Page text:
‘n Spookstorie oor ‘n geskietery in die berge het afgevaardigdes van museums na die onlangse SAMA-konferensie in Beaufort-Wes bra skrikkerig gemaak om in die donker oor die Swartbergpas te ry. Historikus en storieverteller Ailsa Tudhope sê ‘n destydse eienaar van die Swartberg Hotel op Prins Albert, Jan Haak, het ‘n koetsdiens na Oudtshoorn ingestel kort na die Swartbergpas geopen is. Volgens oorlewering het sommige passasiers Haak se swierige koets “‘n doodskis op wiele” genoem en verkies om te stap tot by Eerstewater. Nietemin, die diens was ‘n sukses en meesal vol bespreek. Haak se koetsier was ‘n spoggerige man en bekend vir sy uitstekende vermoë om akkedisse van klippe af te spoeg. “Hy was glo die beste spoegter ter wêreld,” sê Ailsa. Op ‘n dag toe die perde ‘n blaaskans op die kruin van die berg geniet het het ‘n gevangenis-koets van Oudtshoorn se rigting die berg opgesnel. Dit was op pad na Laingsburg met ‘n gevangene vir verhoor in die Rondgaande Hof. Die passasiers van die Haak koets het gegril toe hulle die vasgeboeide skurk agter die sterk tralies sien. Die koetsier en bewaarder het ‘n parmantig houding ingeneem, rondgestap en begin gesels. “Is jy nie bang die vent sal ontsnap nie?” het ‘n jong vroutjie in ‘n bang stem gevra. “Nooit,” spog die bewaarder. “En, as hy so iets sou probeer skiet ek hom sommer vrek!” Met die swaai hy sy geweer in die lug rond om hulle te oortuig. ‘n Skoot klap. ‘n Passasier, Chrisjan Swanepoel, is getref en op slag dood. Nou sê die mense Chrisjan dwaal daar bo rond op soek na wraak. “Tot vandag toe waag min mense dit om in die donker oor die berg te ry omdat kenners sê dit spook waar Chrisjan geskiet is. Na die geval het baie ook vertel van ‘n man wat saam met hulle die berg af gestap het.” Die was net een van die heerlike stories wat museumverteenwordigers van dwarsoor die Kaap gehoor het tydens die drie-dag konferensie oor storie vertellery en die bewaring van mondelingse geskiedenis.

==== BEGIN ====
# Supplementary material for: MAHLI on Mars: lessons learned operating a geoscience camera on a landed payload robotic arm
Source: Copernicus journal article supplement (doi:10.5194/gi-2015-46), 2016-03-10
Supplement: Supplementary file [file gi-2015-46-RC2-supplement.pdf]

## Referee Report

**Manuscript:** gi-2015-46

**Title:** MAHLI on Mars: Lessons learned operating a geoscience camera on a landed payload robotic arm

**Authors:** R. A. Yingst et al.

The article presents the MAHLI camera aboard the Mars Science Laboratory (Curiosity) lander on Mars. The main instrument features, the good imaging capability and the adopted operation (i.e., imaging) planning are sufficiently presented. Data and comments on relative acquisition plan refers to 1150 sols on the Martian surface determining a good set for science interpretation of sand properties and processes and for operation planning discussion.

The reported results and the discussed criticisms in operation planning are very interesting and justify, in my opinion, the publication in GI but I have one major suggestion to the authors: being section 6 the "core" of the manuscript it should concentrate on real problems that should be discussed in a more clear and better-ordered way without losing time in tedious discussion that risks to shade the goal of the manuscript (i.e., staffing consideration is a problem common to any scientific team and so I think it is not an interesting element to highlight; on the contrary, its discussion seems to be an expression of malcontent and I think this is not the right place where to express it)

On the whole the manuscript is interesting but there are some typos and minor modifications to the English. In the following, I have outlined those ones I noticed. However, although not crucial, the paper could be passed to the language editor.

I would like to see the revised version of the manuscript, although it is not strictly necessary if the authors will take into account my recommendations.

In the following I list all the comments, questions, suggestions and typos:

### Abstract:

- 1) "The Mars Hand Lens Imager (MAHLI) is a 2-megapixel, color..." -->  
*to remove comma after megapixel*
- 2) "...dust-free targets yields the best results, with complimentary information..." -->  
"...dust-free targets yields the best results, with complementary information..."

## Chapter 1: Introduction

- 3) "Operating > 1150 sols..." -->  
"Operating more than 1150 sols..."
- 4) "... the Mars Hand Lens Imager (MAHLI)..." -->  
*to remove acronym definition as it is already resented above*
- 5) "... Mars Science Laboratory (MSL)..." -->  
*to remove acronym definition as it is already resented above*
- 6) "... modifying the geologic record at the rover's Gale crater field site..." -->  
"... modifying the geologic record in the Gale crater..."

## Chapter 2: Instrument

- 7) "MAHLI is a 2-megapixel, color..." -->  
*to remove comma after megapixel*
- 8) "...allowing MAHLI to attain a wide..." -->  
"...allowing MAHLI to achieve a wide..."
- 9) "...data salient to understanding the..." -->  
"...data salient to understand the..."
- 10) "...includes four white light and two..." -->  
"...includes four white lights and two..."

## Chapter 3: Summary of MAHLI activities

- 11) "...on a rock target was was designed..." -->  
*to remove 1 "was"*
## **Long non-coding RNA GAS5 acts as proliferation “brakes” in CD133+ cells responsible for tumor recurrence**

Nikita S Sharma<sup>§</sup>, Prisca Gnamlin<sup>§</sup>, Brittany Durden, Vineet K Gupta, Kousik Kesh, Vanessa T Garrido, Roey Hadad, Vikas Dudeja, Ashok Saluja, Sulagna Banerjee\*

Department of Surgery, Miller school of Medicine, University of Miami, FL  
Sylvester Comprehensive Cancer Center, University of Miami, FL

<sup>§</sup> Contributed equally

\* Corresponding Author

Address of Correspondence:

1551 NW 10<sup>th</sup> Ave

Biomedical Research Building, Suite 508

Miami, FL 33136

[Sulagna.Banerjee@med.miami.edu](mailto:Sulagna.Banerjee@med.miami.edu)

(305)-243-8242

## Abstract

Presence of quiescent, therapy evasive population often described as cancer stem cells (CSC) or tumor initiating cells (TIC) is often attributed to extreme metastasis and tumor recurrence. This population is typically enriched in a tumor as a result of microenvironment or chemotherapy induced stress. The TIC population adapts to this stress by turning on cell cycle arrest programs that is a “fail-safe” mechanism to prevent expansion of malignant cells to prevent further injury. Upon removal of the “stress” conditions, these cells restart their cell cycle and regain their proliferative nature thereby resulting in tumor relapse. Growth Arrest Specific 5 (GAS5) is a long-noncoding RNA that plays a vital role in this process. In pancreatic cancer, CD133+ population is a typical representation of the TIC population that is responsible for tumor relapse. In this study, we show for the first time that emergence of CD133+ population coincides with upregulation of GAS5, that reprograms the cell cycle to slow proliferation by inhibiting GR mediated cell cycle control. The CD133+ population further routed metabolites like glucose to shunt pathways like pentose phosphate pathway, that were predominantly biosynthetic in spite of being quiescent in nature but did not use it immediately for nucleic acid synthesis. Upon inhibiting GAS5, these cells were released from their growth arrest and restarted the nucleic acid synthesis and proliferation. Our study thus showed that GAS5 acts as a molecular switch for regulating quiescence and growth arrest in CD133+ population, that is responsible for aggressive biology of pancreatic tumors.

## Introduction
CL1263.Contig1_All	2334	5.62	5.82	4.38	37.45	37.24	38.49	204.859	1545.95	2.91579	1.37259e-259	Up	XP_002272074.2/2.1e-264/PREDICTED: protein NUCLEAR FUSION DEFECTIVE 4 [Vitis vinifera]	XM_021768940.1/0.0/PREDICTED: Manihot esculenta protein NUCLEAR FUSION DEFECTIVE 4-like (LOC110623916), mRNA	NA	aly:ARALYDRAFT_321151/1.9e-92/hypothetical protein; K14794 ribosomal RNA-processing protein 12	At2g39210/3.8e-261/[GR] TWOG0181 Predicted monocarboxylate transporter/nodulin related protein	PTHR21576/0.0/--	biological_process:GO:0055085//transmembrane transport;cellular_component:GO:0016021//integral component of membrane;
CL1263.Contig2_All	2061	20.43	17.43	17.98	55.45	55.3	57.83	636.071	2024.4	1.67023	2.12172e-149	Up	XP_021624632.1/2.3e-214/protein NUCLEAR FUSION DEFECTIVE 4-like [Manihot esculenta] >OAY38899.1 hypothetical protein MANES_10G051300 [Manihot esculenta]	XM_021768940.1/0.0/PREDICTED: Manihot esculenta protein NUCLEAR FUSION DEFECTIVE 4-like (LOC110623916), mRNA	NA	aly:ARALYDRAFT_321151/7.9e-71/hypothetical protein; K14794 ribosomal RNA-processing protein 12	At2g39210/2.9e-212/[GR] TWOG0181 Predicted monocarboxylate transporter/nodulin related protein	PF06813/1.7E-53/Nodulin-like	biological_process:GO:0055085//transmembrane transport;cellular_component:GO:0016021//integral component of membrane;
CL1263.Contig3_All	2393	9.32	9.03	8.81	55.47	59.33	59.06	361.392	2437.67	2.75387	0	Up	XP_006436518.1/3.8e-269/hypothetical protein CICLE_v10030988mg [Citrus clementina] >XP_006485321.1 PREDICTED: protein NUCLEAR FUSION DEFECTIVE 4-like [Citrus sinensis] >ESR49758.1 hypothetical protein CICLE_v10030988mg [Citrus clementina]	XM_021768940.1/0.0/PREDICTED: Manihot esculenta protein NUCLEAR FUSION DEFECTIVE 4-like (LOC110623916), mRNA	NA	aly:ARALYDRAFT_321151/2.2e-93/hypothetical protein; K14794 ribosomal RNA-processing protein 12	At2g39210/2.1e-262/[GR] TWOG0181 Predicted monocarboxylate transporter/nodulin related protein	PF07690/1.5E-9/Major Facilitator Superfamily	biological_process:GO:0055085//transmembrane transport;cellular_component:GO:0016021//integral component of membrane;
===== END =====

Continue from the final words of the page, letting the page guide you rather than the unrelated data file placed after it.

A ghost story about a shooting on the Swartberg Pass recently had delegates at the SAMA-museum conference in Beaufort West glued to their seats. It also convinced most not to travel the pass after dark. Prince Albert’s local historian and story-teller Ailsa Tudhope said that shortly after the Swartberg Pass was opened the then owner of the Swartberg Hotel, Jan Haak, started a coach service to Oudtshoorn. “According to local legend many passengers called his handsome coach ‘a coffin on wheels’ and many preferred to walk up to the first little river, called Eerstewater. Nevertheless, the service was a success and most times fully booked. Haak’s coachman was an egotistical fellow with a questionable skill. He was said to be ‘the best spitter in the world’. Many locals said he could ‘spit a lizard right off of stones.’ One day, while resting his team of horses at the crest of the mountains this conceited coachman was demonstrating his prowess as a spitter to his passengers when a coach sped up the mountains from the Oudtshoorn side. It was a jail-wagon en route to the Circuit Court at Laingsburg and it was driven by an almost equally bombastic fellow. He drew up, leapt from the driver’s seat and began swaggering about trying to engage Haak’s passengers in conversation. They were nervous and even though the evil-looking convict seemed well chained up, behind sturdy-looking bars, most wished the wagon would move on. “Are you not afraid your prisoner will escape?” asked one young woman in a small, scared voice. “Of course not,” blustered the jailer, “If he tried, I’d just shoot him!” With that he waved his gun around to emphasise his point. A shot rang out and Chrisjan Swanepoel, a passenger in Haak’s coach, was fatally wounded. Now people say Chrisjan haunts the pass in search of revenge. Few dare to cross the pass at night,” said Ailsa. She also mentioned several people who after being stranded and having to walk down at night felt as if someone or something was following them. This was only one of the delightful stories which museum delegates heard during the three-day conference on story-telling and the art of preserving oral history.